I’ve just spent the last week going out and about with friends, family and relative strangers. I’ve visited historic buildings, bars, and restaurants – I’ve done mountain walks, treasure hunts and kayaking across lakes. I’ve done all of this with a smile on my face, laughter in my ears and excitement in my belly.
I’ve done all of this completely sober.
When I was drinking, a trip to a historic building, museum or gallery would not have been complete without a drink at the end of it (and the drink at the end would have been the main event, with the trip just a hurdle to get over on the way to the main event). Any visit to a bar, café or restaurant with friends or family – and especially with strangers – would have involved drinking to get drunk to feel relaxed, comfortable and confident. Any exciting activities like walks and kayaking adventures would have been accompanied by some nervousness and always with a focus on enjoying some “well-deserved” and celebratory drinks afterwards – that would be when the real “fun” would begin.
What I couldn’t do when I was drinking, and even when I first stopped drinking, was imagine myself naturally and comfortably enjoying all these things without alcohol.
I used to notice other people who could socialise and do fun stuff sober and would think they belonged to a different species – that that just wasn’t possible for me. I used to feel angry and frustrated sometimes that I couldn’t just be like them and enjoy social events sober. I imagined all these activities sober as being boring, as being hard work and dull. I imagined that I would be boring and poor company. On some level, I imagined that, without alcohol, the real me just wouldn’t be good enough, entertaining enough or interesting enough.
If you can relate to any of this, the good news is it’s all rubbish.
You can do all these things sober and have a good time doing it.
I have had a great week socialising, connecting with people and enjoying conversations. I have even stepped right outside of my comfort zone and had dinner with friends of mine and their family (who I’d never met before). In the past, I would have been terrified of this situation without alcohol to help me feel comfortable. In the now, I don’t even think about alcohol, I just get on with it find myself relaxing and enjoying the conversations naturally.
As I often hear myself saying, if this is possible for me, then it’s possible for you too.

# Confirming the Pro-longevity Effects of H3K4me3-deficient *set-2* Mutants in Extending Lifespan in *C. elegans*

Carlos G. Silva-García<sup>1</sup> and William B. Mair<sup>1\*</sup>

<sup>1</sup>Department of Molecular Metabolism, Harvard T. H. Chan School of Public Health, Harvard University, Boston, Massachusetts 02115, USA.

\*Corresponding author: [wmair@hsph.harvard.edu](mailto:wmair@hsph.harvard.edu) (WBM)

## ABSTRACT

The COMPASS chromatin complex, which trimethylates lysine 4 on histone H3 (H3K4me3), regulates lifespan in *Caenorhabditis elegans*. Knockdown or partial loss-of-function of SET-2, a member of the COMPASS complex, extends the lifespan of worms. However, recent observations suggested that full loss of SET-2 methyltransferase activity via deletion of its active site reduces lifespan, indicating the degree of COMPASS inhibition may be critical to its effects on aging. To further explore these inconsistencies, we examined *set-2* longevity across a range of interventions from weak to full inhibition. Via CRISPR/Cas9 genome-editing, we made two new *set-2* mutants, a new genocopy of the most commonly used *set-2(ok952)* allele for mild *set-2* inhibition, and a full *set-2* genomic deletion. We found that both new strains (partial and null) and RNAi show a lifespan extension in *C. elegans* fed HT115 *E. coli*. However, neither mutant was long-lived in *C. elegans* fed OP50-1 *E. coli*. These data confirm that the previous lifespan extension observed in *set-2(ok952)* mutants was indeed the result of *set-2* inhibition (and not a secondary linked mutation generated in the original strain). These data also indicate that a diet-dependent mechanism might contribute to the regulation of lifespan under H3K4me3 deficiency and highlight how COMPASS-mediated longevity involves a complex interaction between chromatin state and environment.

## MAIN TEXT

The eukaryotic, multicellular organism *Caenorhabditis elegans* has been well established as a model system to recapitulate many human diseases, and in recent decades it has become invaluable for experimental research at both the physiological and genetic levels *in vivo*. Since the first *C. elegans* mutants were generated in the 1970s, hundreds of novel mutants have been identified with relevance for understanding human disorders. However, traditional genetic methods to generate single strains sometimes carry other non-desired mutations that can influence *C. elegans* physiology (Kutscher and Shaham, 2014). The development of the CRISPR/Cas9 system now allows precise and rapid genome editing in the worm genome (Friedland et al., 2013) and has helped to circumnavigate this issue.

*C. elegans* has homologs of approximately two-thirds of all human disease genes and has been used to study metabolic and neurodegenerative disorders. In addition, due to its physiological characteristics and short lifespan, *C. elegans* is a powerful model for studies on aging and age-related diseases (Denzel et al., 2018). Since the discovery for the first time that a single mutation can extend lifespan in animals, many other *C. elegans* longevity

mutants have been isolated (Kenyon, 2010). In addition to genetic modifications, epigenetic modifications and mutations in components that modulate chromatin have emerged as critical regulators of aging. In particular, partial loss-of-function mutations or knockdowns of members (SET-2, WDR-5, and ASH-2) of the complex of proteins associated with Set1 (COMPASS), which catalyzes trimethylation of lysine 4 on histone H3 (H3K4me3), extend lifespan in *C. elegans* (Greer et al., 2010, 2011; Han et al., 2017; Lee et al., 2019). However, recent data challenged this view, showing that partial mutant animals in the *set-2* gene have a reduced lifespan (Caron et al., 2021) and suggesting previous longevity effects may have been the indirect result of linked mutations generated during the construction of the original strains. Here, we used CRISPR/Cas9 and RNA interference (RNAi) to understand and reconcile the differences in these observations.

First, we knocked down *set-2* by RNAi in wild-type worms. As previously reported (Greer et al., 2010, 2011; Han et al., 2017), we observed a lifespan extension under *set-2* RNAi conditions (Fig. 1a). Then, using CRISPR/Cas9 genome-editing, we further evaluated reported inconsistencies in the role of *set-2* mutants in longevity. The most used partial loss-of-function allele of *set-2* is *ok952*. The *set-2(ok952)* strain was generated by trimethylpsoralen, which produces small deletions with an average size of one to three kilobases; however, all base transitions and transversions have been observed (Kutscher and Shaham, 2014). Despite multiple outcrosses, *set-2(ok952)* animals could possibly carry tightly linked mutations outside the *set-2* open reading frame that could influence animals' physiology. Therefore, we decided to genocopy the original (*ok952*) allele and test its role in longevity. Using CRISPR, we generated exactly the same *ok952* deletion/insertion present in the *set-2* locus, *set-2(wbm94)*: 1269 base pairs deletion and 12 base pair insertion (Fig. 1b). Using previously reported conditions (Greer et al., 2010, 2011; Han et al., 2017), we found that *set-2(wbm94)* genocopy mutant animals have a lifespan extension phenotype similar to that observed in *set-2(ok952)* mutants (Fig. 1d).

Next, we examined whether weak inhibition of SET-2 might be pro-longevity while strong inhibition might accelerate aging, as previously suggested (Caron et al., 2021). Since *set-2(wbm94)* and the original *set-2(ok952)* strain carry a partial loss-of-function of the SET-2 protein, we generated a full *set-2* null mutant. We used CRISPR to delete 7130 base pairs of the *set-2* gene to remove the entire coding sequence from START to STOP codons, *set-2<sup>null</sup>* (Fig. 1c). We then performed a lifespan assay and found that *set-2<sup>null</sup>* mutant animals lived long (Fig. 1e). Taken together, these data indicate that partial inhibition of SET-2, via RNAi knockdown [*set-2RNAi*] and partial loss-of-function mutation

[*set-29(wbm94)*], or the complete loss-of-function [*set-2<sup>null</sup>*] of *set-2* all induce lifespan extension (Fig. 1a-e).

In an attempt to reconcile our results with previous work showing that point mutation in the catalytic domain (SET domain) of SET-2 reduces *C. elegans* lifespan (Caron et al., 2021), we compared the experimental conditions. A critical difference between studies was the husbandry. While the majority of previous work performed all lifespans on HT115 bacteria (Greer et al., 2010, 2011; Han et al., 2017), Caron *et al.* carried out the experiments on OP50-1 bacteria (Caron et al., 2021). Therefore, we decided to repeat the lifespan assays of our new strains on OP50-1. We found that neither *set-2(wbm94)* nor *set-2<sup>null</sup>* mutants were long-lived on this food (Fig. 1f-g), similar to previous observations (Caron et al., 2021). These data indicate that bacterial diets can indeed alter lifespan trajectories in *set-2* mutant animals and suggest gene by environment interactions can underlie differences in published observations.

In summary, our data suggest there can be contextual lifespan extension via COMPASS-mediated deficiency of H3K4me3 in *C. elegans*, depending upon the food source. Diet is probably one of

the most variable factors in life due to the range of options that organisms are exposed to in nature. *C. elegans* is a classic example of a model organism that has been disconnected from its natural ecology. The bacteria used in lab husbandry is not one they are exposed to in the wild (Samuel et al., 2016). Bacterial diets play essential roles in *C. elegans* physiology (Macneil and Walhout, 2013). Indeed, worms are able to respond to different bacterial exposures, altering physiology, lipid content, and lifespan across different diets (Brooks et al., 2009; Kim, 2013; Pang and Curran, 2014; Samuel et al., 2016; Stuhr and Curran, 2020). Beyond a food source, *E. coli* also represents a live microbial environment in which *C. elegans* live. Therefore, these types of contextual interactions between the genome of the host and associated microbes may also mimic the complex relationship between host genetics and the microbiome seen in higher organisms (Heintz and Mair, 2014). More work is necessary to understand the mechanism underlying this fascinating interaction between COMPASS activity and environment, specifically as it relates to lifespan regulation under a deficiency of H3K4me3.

Yes, at first you need to practise doing these activities sober. You need to practise new habits. You need to plan and rehearse what you’re going to be doing differently every time you go into a situation that used to involve alcohol. You might even need to avoid certain situations until you grow in confidence. But, as time passes, and you begin to accept and then revel in your new-found sobriety, you find yourself doing all the things you couldn’t imagine yourself doing sober. It does involve stepping outside of your comfort zone. But every time you step outside of your comfort zone, your comfort zone gets bigger and you grow in confidence.
I felt slightly nervous and tense at the beginning of the meal out with my friends and their family, but an hour into the evening, I was enjoying some great conversation with everyone round the table and we were all having a laugh. By the end of the evening, despite the lateness, I didn’t want it to end. I drove home in the dark, smiling to myself and replaying the conversations and laughs. You simply learn to sit with any feelings of discomfort and allow them to be there for a while as they pass through.
Feeling slightly nervous for an hour at the beginning of the evening is way better than going through the hell that used to be my hangovers (with all the accompanying guilt, shame and anxiety they brought me).
Socialising sober just gets better and better the more you do it. And, eventually, you don’t give it any thought at all. The concept of drinking or not drinking doesn’t enter your head – staying sober has become automatic and you’re simply enjoying the company.
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